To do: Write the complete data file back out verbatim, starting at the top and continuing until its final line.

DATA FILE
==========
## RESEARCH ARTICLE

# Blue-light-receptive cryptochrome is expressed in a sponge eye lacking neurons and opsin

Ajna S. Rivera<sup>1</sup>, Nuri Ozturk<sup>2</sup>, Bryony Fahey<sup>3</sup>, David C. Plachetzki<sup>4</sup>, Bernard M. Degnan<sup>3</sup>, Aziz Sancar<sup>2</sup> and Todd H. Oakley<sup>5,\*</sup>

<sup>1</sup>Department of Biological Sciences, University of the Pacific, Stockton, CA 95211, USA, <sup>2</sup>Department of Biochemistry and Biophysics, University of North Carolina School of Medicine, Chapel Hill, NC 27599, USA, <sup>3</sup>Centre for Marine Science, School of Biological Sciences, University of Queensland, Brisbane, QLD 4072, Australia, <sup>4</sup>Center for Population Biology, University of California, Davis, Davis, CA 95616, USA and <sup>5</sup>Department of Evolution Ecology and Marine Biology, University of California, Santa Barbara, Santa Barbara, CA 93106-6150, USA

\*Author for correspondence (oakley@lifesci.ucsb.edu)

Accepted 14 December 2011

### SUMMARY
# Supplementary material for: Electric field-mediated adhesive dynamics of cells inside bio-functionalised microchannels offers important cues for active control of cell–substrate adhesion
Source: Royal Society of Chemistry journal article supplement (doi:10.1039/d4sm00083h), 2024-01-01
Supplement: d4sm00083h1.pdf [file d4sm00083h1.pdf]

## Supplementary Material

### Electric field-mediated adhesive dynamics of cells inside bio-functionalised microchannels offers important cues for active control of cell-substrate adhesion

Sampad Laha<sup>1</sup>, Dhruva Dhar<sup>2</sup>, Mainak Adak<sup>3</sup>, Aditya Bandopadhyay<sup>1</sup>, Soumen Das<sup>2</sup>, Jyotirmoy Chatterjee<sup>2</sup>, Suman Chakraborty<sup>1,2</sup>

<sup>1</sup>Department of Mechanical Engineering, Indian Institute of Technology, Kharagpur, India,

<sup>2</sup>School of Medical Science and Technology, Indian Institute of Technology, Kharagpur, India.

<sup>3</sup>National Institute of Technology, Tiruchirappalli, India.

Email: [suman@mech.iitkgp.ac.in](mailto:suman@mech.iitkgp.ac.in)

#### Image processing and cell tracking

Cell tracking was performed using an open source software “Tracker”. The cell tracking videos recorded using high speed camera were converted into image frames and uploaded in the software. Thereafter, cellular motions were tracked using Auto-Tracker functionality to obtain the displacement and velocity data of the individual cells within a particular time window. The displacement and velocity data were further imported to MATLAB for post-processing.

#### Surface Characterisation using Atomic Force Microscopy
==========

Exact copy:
## RESEARCH ARTICLE

# Blue-light-receptive cryptochrome is expressed in a sponge eye lacking neurons and opsin

Ajna S. Rivera<sup>1</sup>, Nuri Ozturk<sup>2</sup>, Bryony Fahey<sup>3</sup>, David C. Plachetzki<sup>4</sup>, Bernard M. Degnan<sup>3</sup>, Aziz Sancar<sup>2</sup> and Todd H. Oakley<sup>5,\*</sup>

<sup>1</sup>Department of Biological Sciences, University of the Pacific, Stockton, CA 95211, USA, <sup>2</sup>Department of Biochemistry and Biophysics, University of North Carolina School of Medicine, Chapel Hill, NC 27599, USA, <sup>3</sup>Centre for Marine Science, School of Biological Sciences, University of Queensland, Brisbane, QLD 4072, Australia, <sup>4</sup>Center for Population Biology, University of California, Davis, Davis, CA 95616, USA and <sup>5</sup>Department of Evolution Ecology and Marine Biology, University of California, Santa Barbara, Santa Barbara, CA 93106-6150, USA

\*Author for correspondence (oakley@lifesci.ucsb.edu)

Accepted 14 December 2011

### SUMMARY
# Supplementary material for: Electric field-mediated adhesive dynamics of cells inside bio-functionalised microchannels offers important cues for active control of cell–substrate adhesion
Source: Royal Society of Chemistry journal article supplement (doi:10.1039/d4sm00083h), 2024-01-01
Supplement: d4sm00083h1.pdf [file d4sm00083h1.pdf]

## Supplementary Material

### Electric field-mediated adhesive dynamics of cells inside bio-functionalised microchannels offers important cues for active control of cell-substrate adhesion

Sampad Laha<sup>1</sup>, Dhruva Dhar<sup>2</sup>, Mainak Adak<sup>3</sup>, Aditya Bandopadhyay<sup>1</sup>, Soumen Das<sup>2</sup>, Jyotirmoy Chatterjee<sup>2</sup>, Suman Chakraborty<sup>1,2</sup>

<sup>1</sup>Department of Mechanical Engineering, Indian Institute of Technology, Kharagpur, India,

<sup>2</sup>School of Medical Science and Technology, Indian Institute of Technology, Kharagpur, India.

<sup>3</sup>National Institute of Technology, Tiruchirappalli, India.

Email: [suman@mech.iitkgp.ac.in](mailto:suman@mech.iitkgp.ac.in)

#### Image processing and cell tracking

Cell tracking was performed using an open source software “Tracker”. The cell tracking videos recorded using high speed camera were converted into image frames and uploaded in the software. Thereafter, cellular motions were tracked using Auto-Tracker functionality to obtain the displacement and velocity data of the individual cells within a particular time window. The displacement and velocity data were further imported to MATLAB for post-processing.

#### Surface Characterisation using Atomic Force Microscopy